It’s a difficult truth, but half of all mental health disorders emerge before students graduate from high school. While experts agree that schools are uniquely positioned to reach this demographic, there is a gap between what is being taught and the knowledge that students need.
There are few proven educational tools to teach young Canadians how to recognize when they need help. Add to that the stigma that still surrounds mental illness, and the result is that only 1 in 6 students who are struggling actually access professional support.
Researchers at the University of Ottawa, University of Guelph, and Dalhousie University developed a new curriculum plan to address the knowledge gap. The authors were concerned that the existing Healthy Living course primarily covered wellness only. While coping strategies are important, they believe that students need to be armed with direct knowledge of the signs of mental illness so they can learn to recognize them.
Their curriculum plan tackles mental health literacy and stigma head on, and encourages students to recognize symptoms and seek help.
The study recruited 24 high schools in the Ottawa area, with a total of 534 students participating at an average age of 16.5 years. As a randomized controlled trial, each school was randomly assigned to either proceed with learning as usual, to use the new curriculum plan, or to use the new plan with follow-up e-learning tools. All teachers received training in their respective learning plans.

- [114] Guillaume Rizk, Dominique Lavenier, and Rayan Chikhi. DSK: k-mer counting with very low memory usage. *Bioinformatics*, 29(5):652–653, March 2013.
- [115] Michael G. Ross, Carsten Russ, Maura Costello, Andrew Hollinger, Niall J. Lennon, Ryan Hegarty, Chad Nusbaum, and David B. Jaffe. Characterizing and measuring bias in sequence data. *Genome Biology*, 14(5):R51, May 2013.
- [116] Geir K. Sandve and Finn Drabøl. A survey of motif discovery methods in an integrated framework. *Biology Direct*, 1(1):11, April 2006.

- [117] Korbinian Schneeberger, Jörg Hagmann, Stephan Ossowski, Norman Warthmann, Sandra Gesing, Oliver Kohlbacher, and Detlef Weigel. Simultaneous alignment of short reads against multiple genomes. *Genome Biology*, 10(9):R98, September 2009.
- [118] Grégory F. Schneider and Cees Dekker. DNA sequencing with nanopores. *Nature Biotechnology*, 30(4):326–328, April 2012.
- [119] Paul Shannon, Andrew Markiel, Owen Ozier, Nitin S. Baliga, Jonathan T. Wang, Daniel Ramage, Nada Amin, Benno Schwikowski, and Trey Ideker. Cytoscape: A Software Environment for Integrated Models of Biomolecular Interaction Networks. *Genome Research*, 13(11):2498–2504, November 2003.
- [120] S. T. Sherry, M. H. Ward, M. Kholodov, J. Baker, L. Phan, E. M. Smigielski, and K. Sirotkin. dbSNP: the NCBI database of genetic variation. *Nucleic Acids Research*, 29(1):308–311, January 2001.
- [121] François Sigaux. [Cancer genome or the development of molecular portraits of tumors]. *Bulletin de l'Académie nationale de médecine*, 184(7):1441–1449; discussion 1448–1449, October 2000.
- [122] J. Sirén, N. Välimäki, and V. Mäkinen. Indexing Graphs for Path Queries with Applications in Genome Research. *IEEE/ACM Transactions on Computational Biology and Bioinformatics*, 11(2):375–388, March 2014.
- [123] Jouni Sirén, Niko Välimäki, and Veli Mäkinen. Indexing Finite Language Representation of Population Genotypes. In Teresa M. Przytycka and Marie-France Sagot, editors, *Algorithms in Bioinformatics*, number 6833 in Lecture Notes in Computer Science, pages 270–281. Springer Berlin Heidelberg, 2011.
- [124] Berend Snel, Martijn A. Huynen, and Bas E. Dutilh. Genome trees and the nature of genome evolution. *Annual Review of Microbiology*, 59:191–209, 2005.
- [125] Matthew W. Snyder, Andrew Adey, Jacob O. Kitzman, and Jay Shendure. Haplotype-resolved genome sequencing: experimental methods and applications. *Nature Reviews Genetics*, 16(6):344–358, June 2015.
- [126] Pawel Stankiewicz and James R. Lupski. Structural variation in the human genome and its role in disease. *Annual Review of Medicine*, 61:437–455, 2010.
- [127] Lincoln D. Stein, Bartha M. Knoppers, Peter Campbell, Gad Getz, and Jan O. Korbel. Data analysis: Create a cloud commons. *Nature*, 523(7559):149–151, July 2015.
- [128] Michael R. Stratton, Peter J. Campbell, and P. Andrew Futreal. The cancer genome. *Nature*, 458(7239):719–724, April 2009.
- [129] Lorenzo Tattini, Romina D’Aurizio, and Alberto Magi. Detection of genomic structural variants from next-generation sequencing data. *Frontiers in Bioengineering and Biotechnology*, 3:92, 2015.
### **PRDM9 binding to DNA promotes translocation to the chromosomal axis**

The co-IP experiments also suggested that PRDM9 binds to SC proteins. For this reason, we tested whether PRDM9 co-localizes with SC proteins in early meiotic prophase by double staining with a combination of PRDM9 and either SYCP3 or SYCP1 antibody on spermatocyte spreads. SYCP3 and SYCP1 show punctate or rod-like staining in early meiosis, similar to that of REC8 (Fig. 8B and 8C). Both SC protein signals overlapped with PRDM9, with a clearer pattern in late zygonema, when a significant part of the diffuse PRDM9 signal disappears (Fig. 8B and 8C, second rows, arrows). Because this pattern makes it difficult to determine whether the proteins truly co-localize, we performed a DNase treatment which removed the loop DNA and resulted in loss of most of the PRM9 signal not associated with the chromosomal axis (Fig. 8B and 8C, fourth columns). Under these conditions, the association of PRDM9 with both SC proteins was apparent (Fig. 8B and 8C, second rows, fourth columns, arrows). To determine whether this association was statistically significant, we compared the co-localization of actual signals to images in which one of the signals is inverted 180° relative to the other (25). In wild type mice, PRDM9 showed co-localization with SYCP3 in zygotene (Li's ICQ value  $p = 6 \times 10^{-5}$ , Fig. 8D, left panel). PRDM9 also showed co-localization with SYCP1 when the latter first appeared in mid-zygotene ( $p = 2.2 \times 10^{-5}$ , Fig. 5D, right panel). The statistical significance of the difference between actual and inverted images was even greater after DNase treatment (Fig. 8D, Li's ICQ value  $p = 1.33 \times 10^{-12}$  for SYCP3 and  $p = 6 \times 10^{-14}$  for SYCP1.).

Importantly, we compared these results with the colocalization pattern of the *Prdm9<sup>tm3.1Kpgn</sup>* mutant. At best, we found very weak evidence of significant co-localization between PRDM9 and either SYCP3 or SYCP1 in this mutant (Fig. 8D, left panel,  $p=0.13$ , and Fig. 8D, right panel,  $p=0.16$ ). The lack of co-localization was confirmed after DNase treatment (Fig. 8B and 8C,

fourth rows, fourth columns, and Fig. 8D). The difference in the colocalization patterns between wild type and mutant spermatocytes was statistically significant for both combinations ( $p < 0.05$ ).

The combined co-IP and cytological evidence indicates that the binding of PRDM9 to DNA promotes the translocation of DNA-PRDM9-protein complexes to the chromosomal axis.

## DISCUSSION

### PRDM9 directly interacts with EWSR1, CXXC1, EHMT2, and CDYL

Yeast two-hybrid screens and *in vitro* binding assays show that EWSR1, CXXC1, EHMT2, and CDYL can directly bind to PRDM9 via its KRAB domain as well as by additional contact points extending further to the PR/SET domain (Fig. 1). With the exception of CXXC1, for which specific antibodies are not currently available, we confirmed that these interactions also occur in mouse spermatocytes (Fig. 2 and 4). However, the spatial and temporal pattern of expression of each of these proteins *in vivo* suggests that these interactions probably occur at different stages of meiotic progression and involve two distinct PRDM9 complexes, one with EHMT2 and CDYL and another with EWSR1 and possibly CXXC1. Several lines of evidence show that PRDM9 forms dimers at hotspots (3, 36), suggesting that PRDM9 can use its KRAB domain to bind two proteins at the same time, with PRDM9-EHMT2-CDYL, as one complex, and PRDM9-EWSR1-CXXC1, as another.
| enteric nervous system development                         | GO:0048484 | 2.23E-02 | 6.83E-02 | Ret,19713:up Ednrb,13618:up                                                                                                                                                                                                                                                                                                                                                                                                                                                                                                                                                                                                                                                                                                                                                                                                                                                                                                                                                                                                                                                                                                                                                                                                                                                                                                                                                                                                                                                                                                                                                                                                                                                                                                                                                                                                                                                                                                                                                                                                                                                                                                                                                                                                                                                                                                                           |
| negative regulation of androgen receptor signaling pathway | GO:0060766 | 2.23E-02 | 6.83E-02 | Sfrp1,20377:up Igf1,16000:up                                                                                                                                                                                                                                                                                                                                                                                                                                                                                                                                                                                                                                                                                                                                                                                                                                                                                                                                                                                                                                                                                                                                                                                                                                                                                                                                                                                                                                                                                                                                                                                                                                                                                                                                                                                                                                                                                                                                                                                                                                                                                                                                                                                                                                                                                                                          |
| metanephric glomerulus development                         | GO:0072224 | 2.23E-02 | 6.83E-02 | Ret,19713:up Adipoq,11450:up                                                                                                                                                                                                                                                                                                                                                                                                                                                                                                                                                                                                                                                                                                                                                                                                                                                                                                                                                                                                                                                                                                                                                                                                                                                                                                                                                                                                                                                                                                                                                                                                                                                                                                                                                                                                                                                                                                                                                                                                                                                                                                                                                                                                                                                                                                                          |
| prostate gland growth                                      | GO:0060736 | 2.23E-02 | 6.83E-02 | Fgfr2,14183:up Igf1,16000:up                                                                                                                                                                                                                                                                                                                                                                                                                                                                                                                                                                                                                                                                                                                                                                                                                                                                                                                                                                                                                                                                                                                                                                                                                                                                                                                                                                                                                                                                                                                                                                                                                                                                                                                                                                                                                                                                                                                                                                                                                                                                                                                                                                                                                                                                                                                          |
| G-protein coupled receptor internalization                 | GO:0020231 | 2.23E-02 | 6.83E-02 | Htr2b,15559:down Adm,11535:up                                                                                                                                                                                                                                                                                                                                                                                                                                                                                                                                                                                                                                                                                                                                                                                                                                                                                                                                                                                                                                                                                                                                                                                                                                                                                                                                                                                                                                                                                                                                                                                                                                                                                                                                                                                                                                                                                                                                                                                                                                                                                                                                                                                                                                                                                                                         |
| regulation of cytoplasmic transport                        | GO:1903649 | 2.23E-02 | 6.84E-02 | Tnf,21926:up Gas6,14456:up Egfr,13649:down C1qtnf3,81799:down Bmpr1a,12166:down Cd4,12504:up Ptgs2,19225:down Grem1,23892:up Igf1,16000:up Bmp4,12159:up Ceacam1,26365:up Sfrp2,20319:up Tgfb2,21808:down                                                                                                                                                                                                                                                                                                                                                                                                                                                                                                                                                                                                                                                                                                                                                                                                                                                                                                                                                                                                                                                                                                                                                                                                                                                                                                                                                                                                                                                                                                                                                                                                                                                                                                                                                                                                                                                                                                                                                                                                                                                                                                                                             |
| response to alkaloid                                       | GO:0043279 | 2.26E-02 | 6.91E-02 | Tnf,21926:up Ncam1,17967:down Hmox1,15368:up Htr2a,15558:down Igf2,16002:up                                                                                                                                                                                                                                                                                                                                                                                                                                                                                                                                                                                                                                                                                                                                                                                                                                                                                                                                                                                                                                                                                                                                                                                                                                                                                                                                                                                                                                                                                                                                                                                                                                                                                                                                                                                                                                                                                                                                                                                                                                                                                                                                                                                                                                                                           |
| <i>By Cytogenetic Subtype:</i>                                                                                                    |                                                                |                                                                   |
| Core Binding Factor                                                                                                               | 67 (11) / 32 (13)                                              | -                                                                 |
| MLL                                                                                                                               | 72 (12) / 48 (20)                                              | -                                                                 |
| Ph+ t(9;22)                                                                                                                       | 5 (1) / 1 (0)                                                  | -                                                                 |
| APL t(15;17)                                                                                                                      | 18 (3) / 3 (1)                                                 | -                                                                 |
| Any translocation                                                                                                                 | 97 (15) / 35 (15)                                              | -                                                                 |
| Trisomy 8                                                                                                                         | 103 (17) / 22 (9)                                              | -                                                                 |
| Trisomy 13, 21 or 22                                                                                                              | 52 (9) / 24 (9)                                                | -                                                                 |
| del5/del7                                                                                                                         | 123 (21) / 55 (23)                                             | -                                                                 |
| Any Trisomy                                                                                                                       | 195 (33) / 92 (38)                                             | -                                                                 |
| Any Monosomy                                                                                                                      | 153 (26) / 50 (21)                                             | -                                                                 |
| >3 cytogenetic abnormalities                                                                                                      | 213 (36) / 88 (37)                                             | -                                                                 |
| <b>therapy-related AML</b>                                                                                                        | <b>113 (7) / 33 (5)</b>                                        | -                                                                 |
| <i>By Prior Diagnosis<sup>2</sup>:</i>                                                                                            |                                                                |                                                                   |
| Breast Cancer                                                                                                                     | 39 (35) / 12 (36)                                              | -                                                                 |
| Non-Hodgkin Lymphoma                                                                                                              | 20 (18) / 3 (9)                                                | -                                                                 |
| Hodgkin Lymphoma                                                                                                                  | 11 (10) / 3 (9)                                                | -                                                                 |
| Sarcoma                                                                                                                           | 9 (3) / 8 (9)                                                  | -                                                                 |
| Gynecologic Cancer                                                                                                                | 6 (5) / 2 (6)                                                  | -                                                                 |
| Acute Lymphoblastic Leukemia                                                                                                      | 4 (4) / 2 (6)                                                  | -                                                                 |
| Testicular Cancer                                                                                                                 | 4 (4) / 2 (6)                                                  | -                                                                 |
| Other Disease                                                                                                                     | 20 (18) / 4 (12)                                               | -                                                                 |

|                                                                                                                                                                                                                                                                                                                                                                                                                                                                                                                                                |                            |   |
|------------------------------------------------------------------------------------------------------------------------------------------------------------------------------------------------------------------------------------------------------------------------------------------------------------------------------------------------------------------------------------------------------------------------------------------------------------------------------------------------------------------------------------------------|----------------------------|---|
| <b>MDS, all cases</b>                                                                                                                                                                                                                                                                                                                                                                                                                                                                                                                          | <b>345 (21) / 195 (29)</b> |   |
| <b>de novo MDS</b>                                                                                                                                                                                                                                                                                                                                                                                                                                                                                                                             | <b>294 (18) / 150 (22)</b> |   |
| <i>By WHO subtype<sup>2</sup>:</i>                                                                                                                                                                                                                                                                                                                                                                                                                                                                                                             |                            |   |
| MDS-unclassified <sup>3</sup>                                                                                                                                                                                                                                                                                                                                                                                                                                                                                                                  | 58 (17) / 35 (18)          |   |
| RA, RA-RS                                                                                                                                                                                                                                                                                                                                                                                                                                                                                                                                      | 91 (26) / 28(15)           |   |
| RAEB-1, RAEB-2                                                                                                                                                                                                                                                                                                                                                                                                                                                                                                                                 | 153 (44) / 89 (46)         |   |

Reaching beyond wellness, the new curriculum guide includes several modules covering not only information on specific mental illnesses, but also what it’s like to experience one. The course materials include classroom activities and video interviews of youth with mental illness, with a specific objective to reduce stigma and normalize help-seeking behaviour.
Students’ knowledge and attitudes towards mental illness were assessed using questionnaires before and after their respective classes at school. The researchers found significant improvements in mental health knowledge and a reduction in stigma in both study arms using the new curriculum, compared to students in classes learning as usual. They also found that the new curriculum led to more students seeking professional help when they needed it.
The authors stress that mental health education needs to be age appropriate, and more work is still needed to develop tools for even younger audiences. It’s not enough to focus on maintaining wellness alone, because that leaves a dangerous knowledge gap with no obvious solutions when people are experiencing clinical symptoms of mental illness. Removing barriers to early intervention and building help-seeking behaviours has benefits in the long term, helping people develop healthy habits and attitudes that extend into their adult lives.
Educators and other citizens who want to access the free tools can visit the Mental Health and High School Curriculum Guide online.